Nicaragua Meteorite Impact Theory May Be Meteor-wrong
By Mike Wall
Nicaraguan officials say a meteorite gouged out a crater near the nation's capital city over the weekend, but scientists aren't so sure. . . .
. . . Some Managua residents reported hearing a loud boom on Saturday, which would be consistent with a meteorite impact. But other details warrant a healthy dose of skepticism, said Bill Cooke, head of the Meteoroid Environment Office at NASA's Marshall Space Flight Center in Huntsville, Alabama.
"Something that produced a crater this big should have also produced an incredibly bright fireball in the night sky," Cooke said. "And no one reports a fireball, even though it was near midnight under scattered clouds."
Further, Managua is a big city, with lots of potential witnesses to such a night-sky sight. People saw a bright fireball the last time Cooke can recall a meteorite blasting out a crater on Earth, in September 2007 near the Peruvian village of Carancas — and that impact occurred in broad daylight.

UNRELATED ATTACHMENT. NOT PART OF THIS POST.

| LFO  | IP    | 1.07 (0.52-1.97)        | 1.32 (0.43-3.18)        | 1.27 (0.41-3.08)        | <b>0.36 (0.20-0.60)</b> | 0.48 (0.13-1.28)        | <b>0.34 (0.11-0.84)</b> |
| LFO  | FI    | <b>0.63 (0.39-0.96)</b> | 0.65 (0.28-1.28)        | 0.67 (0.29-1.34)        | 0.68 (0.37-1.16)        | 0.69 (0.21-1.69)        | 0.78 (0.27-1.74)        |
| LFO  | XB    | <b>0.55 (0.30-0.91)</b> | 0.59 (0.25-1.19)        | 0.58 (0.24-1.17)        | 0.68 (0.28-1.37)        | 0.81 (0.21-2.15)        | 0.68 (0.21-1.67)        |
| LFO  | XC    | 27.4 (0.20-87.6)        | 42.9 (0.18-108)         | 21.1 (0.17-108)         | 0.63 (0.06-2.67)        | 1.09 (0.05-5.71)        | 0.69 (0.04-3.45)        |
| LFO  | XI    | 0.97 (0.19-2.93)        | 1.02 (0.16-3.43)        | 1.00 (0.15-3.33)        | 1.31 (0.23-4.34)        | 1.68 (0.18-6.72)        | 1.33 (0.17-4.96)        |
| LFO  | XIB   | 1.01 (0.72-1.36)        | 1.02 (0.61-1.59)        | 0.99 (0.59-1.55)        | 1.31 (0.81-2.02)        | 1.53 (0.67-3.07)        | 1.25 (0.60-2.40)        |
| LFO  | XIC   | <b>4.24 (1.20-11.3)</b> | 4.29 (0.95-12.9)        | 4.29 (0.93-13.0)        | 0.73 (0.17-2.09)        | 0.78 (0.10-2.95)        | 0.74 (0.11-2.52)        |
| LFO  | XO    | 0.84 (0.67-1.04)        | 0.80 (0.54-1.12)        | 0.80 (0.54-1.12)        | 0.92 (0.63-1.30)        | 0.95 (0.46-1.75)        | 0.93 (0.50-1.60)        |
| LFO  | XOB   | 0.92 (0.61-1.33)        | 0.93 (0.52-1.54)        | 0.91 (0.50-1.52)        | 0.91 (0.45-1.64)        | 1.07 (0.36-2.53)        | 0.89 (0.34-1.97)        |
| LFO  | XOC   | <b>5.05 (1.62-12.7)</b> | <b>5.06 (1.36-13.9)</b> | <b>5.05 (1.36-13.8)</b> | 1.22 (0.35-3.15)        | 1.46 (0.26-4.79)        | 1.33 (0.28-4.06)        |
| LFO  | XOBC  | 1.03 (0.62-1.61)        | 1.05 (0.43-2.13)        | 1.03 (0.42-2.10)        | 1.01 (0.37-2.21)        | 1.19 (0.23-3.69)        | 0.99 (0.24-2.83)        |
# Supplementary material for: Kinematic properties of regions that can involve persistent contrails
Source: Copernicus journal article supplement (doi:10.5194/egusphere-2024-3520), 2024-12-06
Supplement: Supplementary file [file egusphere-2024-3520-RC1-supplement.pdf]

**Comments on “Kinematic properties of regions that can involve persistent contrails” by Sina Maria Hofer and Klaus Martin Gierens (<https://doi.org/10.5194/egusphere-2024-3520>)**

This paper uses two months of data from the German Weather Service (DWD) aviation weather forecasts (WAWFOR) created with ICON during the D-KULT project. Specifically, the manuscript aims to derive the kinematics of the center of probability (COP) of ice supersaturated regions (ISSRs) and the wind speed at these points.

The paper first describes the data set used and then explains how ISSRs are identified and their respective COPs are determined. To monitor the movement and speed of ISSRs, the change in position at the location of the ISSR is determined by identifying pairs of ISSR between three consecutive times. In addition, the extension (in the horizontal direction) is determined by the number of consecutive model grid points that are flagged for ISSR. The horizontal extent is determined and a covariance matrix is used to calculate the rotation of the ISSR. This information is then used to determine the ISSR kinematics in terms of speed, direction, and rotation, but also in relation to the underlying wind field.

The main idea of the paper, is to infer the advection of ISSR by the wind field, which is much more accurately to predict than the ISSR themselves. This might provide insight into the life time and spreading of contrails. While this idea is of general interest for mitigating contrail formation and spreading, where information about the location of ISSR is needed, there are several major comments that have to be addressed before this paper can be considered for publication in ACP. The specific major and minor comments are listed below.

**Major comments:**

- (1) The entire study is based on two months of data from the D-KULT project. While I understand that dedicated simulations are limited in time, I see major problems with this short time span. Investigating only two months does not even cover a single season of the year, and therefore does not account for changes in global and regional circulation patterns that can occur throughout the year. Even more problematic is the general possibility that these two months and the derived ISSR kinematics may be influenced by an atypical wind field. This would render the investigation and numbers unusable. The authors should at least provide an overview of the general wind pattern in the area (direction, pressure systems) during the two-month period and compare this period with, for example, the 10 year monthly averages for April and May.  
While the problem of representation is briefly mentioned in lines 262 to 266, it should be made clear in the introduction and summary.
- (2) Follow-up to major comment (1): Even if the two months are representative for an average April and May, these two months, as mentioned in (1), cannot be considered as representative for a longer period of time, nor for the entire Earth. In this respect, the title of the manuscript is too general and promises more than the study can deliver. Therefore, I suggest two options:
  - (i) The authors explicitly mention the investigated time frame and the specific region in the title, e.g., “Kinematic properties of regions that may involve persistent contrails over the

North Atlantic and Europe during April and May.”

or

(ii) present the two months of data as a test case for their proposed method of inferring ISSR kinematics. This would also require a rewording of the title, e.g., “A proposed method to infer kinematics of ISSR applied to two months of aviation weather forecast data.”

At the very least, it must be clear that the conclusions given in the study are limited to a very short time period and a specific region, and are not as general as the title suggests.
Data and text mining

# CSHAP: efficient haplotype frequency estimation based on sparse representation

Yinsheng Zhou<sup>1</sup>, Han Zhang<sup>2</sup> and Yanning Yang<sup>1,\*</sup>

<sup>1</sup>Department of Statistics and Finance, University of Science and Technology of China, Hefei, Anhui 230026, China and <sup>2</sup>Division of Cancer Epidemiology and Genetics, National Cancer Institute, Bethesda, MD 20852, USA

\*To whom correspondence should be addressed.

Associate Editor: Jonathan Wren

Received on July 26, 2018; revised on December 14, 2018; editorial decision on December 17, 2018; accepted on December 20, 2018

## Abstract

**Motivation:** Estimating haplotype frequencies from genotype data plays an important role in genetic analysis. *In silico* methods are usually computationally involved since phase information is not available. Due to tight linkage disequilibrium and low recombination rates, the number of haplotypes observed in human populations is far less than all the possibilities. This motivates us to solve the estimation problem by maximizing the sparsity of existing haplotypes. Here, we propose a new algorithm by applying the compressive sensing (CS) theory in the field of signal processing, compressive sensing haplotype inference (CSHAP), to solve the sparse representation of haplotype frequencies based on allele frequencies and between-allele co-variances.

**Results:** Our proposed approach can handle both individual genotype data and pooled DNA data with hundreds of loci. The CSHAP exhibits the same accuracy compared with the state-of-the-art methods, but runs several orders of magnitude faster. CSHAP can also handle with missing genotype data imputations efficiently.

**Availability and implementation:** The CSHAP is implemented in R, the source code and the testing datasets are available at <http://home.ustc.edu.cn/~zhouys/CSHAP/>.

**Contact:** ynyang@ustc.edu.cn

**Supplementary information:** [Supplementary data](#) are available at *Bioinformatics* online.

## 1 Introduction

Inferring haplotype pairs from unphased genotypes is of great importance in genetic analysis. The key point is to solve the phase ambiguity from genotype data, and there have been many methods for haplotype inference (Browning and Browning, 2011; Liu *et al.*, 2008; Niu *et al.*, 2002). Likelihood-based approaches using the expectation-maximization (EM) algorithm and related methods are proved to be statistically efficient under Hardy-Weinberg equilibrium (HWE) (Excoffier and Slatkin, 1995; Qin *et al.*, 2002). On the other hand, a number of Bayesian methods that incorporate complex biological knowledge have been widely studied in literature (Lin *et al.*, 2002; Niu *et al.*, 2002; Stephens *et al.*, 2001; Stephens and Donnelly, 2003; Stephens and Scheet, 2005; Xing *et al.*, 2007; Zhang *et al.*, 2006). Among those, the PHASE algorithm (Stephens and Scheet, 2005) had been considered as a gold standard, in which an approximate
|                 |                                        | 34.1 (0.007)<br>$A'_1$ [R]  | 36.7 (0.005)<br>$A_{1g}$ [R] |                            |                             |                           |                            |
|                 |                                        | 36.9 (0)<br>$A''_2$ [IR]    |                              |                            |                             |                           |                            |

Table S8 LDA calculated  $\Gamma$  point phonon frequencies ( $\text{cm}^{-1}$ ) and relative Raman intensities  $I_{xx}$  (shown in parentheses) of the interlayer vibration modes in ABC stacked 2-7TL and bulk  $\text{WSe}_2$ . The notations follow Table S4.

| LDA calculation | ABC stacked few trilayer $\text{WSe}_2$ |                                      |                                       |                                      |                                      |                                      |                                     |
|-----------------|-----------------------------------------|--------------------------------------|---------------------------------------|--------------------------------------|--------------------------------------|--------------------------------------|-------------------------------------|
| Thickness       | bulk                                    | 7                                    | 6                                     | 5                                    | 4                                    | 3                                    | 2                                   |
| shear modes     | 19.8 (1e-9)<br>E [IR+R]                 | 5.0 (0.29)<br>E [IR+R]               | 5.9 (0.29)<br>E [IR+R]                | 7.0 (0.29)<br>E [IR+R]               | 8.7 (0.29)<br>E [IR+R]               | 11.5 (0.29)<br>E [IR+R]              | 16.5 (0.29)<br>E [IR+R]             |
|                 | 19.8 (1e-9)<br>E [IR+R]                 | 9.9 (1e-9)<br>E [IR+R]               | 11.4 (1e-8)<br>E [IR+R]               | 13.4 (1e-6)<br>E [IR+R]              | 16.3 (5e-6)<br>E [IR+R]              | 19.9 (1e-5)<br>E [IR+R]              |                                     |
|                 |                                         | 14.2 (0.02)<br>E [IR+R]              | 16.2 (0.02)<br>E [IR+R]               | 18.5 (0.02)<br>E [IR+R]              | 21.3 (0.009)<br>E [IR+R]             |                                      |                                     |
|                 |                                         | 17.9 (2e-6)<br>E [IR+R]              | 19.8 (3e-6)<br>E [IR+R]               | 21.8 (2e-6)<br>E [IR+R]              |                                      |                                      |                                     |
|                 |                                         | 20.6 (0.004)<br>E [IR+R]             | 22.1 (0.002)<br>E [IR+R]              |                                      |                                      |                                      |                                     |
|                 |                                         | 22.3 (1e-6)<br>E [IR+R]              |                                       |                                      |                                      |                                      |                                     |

A meteorite strike would also likely leave blackened fragments of the impacting body behind as evidence, both Cooke and meteor expert Peter Jenniskens said.
"If this crater has anything to do with a meteoroid impact, I would expect meteorites to be found in and around the crater," Jenniskens, of the Search for Extraterrestrial Intelligence (SETI) Institute in Mountain View, California, told Space.com via email.
No such pieces have been reported, and none are visible in photos of the crater, Cooke said. . . .
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